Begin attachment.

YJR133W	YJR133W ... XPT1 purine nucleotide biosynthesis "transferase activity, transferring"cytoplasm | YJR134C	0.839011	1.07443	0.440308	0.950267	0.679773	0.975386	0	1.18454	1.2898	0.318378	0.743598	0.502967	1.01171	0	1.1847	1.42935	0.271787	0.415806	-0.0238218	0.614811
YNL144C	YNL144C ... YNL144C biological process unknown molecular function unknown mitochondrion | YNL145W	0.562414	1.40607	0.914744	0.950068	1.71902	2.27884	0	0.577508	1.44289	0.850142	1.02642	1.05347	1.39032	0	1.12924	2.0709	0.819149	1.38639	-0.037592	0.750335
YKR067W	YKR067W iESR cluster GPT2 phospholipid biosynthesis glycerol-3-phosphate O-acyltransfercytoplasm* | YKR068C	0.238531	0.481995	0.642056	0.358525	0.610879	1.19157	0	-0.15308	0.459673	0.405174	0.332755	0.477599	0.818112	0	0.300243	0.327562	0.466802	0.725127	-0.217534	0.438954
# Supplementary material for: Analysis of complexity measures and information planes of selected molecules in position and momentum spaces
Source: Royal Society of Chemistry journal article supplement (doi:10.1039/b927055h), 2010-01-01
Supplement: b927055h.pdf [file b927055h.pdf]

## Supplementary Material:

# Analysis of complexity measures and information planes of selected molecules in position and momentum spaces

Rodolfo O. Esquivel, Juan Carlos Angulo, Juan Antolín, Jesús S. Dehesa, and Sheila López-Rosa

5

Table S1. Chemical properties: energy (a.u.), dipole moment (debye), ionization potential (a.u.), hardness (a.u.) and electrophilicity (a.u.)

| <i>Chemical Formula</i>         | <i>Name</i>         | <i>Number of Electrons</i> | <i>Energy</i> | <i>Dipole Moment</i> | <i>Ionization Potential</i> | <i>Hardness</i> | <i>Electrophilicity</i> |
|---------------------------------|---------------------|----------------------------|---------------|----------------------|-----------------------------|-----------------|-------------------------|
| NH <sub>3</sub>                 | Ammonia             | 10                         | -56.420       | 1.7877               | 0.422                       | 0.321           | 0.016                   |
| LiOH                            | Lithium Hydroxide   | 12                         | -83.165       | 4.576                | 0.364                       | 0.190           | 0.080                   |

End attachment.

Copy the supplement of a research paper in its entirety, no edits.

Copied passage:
YJR133W	YJR133W ... XPT1 purine nucleotide biosynthesis "transferase activity, transferring"cytoplasm | YJR134C	0.839011	1.07443	0.440308	0.950267	0.679773	0.975386	0	1.18454	1.2898	0.318378	0.743598	0.502967	1.01171	0	1.1847	1.42935	0.271787	0.415806	-0.0238218	0.614811
YNL144C	YNL144C ... YNL144C biological process unknown molecular function unknown mitochondrion | YNL145W	0.562414	1.40607	0.914744	0.950068	1.71902	2.27884	0	0.577508	1.44289	0.850142	1.02642	1.05347	1.39032	0	1.12924	2.0709	0.819149	1.38639	-0.037592	0.750335
YKR067W	YKR067W iESR cluster GPT2 phospholipid biosynthesis glycerol-3-phosphate O-acyltransfercytoplasm* | YKR068C	0.238531	0.481995	0.642056	0.358525	0.610879	1.19157	0	-0.15308	0.459673	0.405174	0.332755	0.477599	0.818112	0	0.300243	0.327562	0.466802	0.725127	-0.217534	0.438954
# Supplementary material for: Analysis of complexity measures and information planes of selected molecules in position and momentum spaces
Source: Royal Society of Chemistry journal article supplement (doi:10.1039/b927055h), 2010-01-01
Supplement: b927055h.pdf [file b927055h.pdf]

## Supplementary Material:

# Analysis of complexity measures and information planes of selected molecules in position and momentum spaces

Rodolfo O. Esquivel, Juan Carlos Angulo, Juan Antolín, Jesús S. Dehesa, and Sheila López-Rosa

5

Table S1. Chemical properties: energy (a.u.), dipole moment (debye), ionization potential (a.u.), hardness (a.u.) and electrophilicity (a.u.)

| <i>Chemical Formula</i>         | <i>Name</i>         | <i>Number of Electrons</i> | <i>Energy</i> | <i>Dipole Moment</i> | <i>Ionization Potential</i> | <i>Hardness</i> | <i>Electrophilicity</i> |
|---------------------------------|---------------------|----------------------------|---------------|----------------------|-----------------------------|-----------------|-------------------------|
| NH <sub>3</sub>                 | Ammonia             | 10                         | -56.420       | 1.7877               | 0.422                       | 0.321           | 0.016                   |
| LiOH                            | Lithium Hydroxide   | 12                         | -83.165       | 4.576                | 0.364                       | 0.190           | 0.080                   |